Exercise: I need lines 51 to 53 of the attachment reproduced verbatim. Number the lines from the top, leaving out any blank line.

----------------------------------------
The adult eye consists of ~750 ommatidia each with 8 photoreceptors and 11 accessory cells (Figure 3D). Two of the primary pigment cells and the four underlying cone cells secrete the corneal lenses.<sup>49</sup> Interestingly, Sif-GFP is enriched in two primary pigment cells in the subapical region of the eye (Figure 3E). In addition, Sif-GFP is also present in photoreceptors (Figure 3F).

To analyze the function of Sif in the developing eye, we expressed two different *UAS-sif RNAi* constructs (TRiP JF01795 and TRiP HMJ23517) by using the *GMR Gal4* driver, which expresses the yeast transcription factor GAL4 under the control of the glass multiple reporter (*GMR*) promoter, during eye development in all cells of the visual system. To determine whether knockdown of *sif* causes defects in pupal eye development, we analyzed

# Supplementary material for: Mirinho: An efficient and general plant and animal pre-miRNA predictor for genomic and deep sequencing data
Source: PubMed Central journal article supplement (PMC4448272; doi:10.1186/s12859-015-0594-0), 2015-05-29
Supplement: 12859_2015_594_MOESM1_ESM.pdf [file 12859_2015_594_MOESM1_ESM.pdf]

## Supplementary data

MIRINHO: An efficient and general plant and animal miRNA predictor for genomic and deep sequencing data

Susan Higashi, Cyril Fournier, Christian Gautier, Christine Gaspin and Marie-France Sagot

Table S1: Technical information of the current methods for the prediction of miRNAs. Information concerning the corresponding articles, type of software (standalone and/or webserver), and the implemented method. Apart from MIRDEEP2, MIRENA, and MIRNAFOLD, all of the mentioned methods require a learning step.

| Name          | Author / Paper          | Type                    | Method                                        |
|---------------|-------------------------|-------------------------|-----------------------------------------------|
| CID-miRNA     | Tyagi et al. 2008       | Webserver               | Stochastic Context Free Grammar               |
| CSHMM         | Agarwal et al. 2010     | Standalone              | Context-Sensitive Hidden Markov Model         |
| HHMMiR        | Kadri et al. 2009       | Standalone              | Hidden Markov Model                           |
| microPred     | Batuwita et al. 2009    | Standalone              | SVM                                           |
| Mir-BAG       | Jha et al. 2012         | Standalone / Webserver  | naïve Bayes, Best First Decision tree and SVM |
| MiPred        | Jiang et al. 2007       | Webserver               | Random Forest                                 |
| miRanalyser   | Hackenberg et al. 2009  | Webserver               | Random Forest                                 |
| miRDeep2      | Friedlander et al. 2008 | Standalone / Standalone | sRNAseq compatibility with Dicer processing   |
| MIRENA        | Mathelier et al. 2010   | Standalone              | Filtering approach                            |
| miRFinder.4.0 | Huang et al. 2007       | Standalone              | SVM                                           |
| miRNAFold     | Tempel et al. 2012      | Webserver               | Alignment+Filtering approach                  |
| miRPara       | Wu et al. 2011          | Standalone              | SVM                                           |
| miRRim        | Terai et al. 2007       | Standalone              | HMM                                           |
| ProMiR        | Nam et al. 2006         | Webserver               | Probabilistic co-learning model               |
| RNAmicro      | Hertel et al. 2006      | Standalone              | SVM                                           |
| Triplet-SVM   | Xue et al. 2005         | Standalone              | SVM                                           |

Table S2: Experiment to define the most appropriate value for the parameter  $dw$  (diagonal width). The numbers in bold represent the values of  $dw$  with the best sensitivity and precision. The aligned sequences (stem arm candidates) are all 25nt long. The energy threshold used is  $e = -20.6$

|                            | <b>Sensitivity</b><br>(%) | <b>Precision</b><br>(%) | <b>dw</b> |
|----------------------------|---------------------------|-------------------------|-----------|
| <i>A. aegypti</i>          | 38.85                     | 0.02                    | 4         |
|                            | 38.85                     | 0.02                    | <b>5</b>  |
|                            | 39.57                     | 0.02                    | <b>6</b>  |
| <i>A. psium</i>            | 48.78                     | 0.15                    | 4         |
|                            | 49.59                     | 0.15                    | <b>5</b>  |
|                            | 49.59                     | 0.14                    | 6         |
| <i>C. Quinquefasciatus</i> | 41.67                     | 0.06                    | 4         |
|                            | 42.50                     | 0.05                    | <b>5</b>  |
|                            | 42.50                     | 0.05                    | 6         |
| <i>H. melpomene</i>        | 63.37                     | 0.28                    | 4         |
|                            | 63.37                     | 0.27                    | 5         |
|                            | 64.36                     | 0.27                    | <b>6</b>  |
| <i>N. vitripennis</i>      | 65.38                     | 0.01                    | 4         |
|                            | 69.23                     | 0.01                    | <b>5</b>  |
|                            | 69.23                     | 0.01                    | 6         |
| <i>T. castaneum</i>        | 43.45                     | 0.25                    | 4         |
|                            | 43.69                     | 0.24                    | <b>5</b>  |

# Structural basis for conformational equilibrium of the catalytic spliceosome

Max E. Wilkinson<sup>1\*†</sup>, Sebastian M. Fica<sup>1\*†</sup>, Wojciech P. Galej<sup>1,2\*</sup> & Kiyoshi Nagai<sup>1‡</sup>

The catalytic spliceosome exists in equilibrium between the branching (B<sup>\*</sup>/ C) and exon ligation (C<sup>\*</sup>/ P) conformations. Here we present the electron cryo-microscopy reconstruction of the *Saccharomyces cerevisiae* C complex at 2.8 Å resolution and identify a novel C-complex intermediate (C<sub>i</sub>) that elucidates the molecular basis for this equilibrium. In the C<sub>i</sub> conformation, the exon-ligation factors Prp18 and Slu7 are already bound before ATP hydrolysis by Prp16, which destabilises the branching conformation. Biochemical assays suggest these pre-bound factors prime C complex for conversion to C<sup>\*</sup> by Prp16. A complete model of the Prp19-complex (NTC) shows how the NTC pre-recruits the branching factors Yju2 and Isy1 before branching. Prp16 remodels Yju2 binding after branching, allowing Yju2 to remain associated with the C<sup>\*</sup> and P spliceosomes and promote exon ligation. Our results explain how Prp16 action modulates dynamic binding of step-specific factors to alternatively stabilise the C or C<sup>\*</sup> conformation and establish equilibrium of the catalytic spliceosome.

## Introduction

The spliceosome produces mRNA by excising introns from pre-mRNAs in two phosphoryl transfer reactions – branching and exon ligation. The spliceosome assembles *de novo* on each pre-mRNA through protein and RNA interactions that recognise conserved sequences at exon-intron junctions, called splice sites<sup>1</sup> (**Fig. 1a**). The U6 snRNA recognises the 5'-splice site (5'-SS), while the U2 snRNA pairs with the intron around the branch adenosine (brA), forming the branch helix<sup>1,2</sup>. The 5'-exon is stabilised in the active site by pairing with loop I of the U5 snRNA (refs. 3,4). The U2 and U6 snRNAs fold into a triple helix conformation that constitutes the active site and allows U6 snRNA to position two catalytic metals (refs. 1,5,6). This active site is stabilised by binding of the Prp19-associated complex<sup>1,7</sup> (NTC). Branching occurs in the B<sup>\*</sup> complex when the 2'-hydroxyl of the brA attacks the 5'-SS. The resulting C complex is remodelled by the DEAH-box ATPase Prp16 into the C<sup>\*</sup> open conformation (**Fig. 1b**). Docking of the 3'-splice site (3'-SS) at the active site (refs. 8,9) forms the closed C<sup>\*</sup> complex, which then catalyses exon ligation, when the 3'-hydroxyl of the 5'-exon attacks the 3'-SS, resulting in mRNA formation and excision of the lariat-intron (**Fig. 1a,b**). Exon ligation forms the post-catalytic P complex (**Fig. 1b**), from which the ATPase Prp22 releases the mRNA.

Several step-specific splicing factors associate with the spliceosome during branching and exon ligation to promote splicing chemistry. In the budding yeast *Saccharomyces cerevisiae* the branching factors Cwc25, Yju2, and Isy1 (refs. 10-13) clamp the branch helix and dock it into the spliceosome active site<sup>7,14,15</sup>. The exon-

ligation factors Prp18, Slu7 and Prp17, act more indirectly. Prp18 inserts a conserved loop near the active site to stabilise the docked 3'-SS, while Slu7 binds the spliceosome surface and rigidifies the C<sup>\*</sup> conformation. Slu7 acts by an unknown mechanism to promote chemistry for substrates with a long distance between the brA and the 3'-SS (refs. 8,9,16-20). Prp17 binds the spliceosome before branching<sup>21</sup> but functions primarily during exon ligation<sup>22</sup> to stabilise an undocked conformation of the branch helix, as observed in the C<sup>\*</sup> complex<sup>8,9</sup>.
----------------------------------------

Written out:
## Introduction

The spliceosome produces mRNA by excising introns from pre-mRNAs in two phosphoryl transfer reactions – branching and exon ligation. The spliceosome assembles *de novo* on each pre-mRNA through protein and RNA interactions that recognise conserved sequences at exon-intron junctions, called splice sites<sup>1</sup> (**Fig. 1a**). The U6 snRNA recognises the 5'-splice site (5'-SS), while the U2 snRNA pairs with the intron around the branch adenosine (brA), forming the branch helix<sup>1,2</sup>. The 5'-exon is stabilised in the active site by pairing with loop I of the U5 snRNA (refs. 3,4). The U2 and U6 snRNAs fold into a triple helix conformation that constitutes the active site and allows U6 snRNA to position two catalytic metals (refs. 1,5,6). This active site is stabilised by binding of the Prp19-associated complex<sup>1,7</sup> (NTC). Branching occurs in the B<sup>\*</sup> complex when the 2'-hydroxyl of the brA attacks the 5'-SS. The resulting C complex is remodelled by the DEAH-box ATPase Prp16 into the C<sup>\*</sup> open conformation (**Fig. 1b**). Docking of the 3'-splice site (3'-SS) at the active site (refs. 8,9) forms the closed C<sup>\*</sup> complex, which then catalyses exon ligation, when the 3'-hydroxyl of the 5'-exon attacks the 3'-SS, resulting in mRNA formation and excision of the lariat-intron (**Fig. 1a,b**). Exon ligation forms the post-catalytic P complex (**Fig. 1b**), from which the ATPase Prp22 releases the mRNA.

Several step-specific splicing factors associate with the spliceosome during branching and exon ligation to promote splicing chemistry. In the budding yeast *Saccharomyces cerevisiae* the branching factors Cwc25, Yju2, and Isy1 (refs. 10-13) clamp the branch helix and dock it into the spliceosome active site<sup>7,14,15</sup>. The exon-